This is a flank movement by the Chase Republicans of New York to defeat the nomination of Line in, for which a majority of the delegates to the Baltimore Convention of the 7th of June has been neatly cut and dried. The New York Herald, we are afraid, is to some extends responsible for the movement which threatens the country with another term of four years to Abraham Lincoln. For some time last summer we advocated his claims to a re-election on high conservative grounds; but we intended nothing more than a repetition of our amusing Presidential experiment with "Live Oak George." The idea of another term to "Old Abe" appeared to us so very extraordinary that it could not fail to be regarded as the best joke of the season, and all the better from the gravest possible treatment of the subject. But Mr. Lincoln, like George Law, must have been convinced by our arguments that he was the people's choice; for when Mr. Seward made a short political visit to his native State in the fall it was to announce to his neighbors that, as Abraham Lincoln was elected President not of a party, but of all the United States, common justice demanded that he should be retained in office until de facte recognized as President of the whole country — meaning that he was entitled to another term to make good his first election.

The shipt thus thrown out by Mr Seward was speedily followed up by active engineering. The winter was thus appropriated on an extensive scale of operations. The results were positively astounding to all the and Lincoln Republican factions, with the return of the first month of spring. The Republican State Convention of New Hampshire opened fire in favor of Mr. Lincoln, and this signal was followed by a continuous volley from Lincoln State Legislatures and State Conventions from Pennsylvania to California. The National Republican Committee, meantime — no doubt duty posted up — met in Washington and appointed the 7th June for their Presidential Convention, and thus, with a majority of the delegates and the time and place arranged to their liking, the Lincoln engineers began to flatter themselves that the succession was settled. Mr. Seward, the Binir family, Simon Cameron, Thurlow Weed, and the Chevalier Forney, were among the happiest of men.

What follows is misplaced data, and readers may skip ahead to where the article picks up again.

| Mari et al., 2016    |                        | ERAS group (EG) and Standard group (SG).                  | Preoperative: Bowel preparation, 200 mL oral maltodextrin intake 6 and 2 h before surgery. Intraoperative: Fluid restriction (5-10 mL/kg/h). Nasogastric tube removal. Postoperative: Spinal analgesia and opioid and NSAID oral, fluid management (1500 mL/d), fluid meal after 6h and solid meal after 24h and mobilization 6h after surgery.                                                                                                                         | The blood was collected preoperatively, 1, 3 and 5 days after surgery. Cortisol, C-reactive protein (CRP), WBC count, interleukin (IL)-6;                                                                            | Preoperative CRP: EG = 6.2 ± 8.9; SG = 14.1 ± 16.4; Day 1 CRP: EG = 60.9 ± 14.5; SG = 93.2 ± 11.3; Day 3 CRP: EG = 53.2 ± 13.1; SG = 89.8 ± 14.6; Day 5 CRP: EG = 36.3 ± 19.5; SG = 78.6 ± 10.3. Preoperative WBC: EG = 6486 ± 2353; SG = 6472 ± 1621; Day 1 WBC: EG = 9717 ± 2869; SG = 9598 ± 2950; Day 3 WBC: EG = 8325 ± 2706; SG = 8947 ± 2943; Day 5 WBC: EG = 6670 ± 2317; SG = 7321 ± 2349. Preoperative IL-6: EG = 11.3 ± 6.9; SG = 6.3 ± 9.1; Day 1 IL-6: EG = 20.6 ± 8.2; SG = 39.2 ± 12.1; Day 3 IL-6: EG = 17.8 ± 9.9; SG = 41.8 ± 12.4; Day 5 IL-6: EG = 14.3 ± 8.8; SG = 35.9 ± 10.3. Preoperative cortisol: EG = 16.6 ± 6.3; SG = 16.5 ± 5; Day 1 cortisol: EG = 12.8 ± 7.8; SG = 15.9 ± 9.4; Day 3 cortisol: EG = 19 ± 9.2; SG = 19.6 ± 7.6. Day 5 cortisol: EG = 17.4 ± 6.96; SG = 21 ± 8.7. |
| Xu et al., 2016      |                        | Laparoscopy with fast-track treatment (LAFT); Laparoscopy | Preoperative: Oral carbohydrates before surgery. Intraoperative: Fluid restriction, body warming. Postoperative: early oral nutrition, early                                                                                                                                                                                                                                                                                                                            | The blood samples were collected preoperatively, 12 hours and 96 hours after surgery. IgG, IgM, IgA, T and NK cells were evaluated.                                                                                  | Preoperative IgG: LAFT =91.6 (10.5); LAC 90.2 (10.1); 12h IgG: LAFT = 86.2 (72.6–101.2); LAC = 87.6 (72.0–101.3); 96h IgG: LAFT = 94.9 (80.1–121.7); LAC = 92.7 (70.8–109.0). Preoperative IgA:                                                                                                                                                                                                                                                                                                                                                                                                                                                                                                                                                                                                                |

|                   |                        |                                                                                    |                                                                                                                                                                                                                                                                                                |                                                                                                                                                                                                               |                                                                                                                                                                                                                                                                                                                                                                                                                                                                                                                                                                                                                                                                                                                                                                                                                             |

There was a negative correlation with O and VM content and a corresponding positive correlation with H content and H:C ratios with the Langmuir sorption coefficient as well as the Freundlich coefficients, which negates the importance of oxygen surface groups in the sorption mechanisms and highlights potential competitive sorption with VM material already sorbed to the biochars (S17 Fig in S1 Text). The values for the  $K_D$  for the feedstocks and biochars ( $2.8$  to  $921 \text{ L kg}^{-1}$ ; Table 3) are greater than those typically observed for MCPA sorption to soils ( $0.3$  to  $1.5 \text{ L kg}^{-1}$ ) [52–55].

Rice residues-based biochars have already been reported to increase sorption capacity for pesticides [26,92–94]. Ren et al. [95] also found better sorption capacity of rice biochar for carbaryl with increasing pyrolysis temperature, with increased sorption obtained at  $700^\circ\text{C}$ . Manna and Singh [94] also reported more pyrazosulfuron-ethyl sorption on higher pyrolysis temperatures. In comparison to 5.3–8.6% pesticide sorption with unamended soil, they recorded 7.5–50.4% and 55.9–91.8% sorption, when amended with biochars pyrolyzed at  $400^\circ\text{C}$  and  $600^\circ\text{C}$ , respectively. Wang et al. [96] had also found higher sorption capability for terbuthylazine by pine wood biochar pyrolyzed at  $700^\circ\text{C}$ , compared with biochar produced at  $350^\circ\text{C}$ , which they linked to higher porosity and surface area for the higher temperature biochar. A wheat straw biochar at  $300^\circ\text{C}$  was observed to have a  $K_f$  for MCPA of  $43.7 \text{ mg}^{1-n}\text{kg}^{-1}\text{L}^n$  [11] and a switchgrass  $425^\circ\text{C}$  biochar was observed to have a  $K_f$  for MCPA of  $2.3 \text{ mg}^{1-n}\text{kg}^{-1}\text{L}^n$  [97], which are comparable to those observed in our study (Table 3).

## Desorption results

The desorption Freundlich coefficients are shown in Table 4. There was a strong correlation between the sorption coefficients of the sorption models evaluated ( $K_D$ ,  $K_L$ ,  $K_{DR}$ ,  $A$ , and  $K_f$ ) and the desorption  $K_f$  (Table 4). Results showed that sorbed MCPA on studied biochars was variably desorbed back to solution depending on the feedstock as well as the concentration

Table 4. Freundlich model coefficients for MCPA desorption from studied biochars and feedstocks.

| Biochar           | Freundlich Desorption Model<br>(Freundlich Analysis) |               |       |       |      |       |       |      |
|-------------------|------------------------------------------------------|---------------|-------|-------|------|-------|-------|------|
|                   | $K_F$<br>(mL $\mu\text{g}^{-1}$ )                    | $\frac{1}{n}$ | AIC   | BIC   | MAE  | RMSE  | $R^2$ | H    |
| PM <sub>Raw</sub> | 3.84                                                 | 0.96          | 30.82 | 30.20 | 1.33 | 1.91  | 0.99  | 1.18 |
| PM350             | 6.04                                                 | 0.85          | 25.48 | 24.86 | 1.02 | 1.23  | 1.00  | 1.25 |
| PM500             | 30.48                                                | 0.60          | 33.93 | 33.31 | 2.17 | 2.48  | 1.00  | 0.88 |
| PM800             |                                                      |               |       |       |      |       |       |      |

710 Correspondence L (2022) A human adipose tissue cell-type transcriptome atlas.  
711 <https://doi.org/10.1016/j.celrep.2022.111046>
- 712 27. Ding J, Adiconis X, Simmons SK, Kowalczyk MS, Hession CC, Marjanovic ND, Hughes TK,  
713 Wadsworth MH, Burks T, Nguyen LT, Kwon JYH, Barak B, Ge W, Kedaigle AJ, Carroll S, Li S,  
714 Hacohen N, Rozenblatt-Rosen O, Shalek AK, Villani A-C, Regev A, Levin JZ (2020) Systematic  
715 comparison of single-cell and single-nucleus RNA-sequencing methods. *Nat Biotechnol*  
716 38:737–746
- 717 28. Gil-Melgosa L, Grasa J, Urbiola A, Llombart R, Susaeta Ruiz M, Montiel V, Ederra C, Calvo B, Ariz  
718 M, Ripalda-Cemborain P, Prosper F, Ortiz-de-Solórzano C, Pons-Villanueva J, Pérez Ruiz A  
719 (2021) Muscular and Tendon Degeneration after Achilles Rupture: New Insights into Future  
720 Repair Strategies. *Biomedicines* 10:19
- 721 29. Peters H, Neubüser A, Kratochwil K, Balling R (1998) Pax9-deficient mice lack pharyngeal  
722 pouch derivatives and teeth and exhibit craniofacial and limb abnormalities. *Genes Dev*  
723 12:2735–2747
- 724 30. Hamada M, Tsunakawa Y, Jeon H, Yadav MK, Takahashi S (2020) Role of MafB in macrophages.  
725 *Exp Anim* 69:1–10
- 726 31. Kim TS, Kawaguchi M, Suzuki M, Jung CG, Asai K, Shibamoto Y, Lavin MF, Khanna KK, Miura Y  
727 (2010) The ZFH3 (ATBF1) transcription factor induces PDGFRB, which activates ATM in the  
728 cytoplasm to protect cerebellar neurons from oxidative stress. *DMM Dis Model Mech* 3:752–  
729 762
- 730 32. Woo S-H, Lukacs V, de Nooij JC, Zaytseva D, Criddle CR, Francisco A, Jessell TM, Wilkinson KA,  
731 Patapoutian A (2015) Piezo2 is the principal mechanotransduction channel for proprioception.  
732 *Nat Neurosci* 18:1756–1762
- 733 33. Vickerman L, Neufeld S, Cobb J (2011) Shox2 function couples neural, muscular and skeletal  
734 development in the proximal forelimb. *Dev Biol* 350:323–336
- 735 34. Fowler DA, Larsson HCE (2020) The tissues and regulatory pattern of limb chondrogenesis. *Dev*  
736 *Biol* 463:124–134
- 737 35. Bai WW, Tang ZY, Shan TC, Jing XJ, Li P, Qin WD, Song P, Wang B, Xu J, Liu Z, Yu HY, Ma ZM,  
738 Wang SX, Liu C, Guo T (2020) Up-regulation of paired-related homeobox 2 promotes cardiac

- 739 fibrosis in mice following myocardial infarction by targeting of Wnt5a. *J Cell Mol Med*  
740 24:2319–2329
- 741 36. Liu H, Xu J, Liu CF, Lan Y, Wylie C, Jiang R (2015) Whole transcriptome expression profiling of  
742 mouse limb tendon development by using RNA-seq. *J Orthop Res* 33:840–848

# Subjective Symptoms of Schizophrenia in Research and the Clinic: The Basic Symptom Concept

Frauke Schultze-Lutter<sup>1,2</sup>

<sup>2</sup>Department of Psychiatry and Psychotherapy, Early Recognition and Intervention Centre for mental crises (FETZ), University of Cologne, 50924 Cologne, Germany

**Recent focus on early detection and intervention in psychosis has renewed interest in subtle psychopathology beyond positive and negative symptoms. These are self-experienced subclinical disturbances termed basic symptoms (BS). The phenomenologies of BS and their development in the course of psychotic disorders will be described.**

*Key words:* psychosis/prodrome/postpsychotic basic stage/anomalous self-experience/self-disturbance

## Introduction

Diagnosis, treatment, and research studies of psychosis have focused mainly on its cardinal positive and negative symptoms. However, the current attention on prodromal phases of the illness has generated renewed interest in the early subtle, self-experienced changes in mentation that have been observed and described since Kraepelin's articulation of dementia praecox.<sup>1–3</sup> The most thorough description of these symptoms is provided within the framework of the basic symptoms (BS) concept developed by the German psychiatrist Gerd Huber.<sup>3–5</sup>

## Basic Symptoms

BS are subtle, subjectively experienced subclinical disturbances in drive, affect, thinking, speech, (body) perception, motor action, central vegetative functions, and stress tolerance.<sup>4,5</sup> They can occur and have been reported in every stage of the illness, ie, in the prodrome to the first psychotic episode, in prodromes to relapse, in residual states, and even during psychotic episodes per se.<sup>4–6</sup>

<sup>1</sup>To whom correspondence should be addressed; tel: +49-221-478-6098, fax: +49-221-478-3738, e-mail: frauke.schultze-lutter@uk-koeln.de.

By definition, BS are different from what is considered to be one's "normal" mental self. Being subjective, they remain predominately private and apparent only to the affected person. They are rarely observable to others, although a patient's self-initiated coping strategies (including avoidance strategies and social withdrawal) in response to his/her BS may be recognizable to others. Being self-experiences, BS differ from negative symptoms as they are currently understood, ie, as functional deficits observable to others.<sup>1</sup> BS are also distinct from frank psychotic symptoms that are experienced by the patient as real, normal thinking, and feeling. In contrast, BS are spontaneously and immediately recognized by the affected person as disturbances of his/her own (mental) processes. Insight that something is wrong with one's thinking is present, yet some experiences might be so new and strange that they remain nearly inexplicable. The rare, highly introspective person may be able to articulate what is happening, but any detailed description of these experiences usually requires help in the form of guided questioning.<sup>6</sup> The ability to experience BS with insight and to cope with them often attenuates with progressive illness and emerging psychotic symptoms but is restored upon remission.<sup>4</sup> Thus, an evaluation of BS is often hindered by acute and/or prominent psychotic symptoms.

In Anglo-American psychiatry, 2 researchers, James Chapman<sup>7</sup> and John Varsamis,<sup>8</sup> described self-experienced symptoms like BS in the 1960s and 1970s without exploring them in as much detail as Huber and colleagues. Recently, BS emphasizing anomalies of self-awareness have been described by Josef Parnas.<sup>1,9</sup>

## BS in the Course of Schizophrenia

But their rejoicing began too soon. Mutterings of discontent from various anti-Lincoln journals of the party began to be heard, the independent Fremont legion began to bristle up, Greeley began to grumble, the meets of the Evening Post began to growl, and then came the bombshell of the Chase Pomeroy anti-Lincoln circular. Then there was a Cabinet crisis, and next there was an armistice between Lincoln and Chase, involving the graceful mock retirement of the latter from the Presidential contest. The late terrible speech against Chase by F P Blair, Jr, in Congress, and his immediate appointment by the President to an Important command in the army, and the House proceedings thereon, show that the conflict between the President and his Secretary is irrepressible.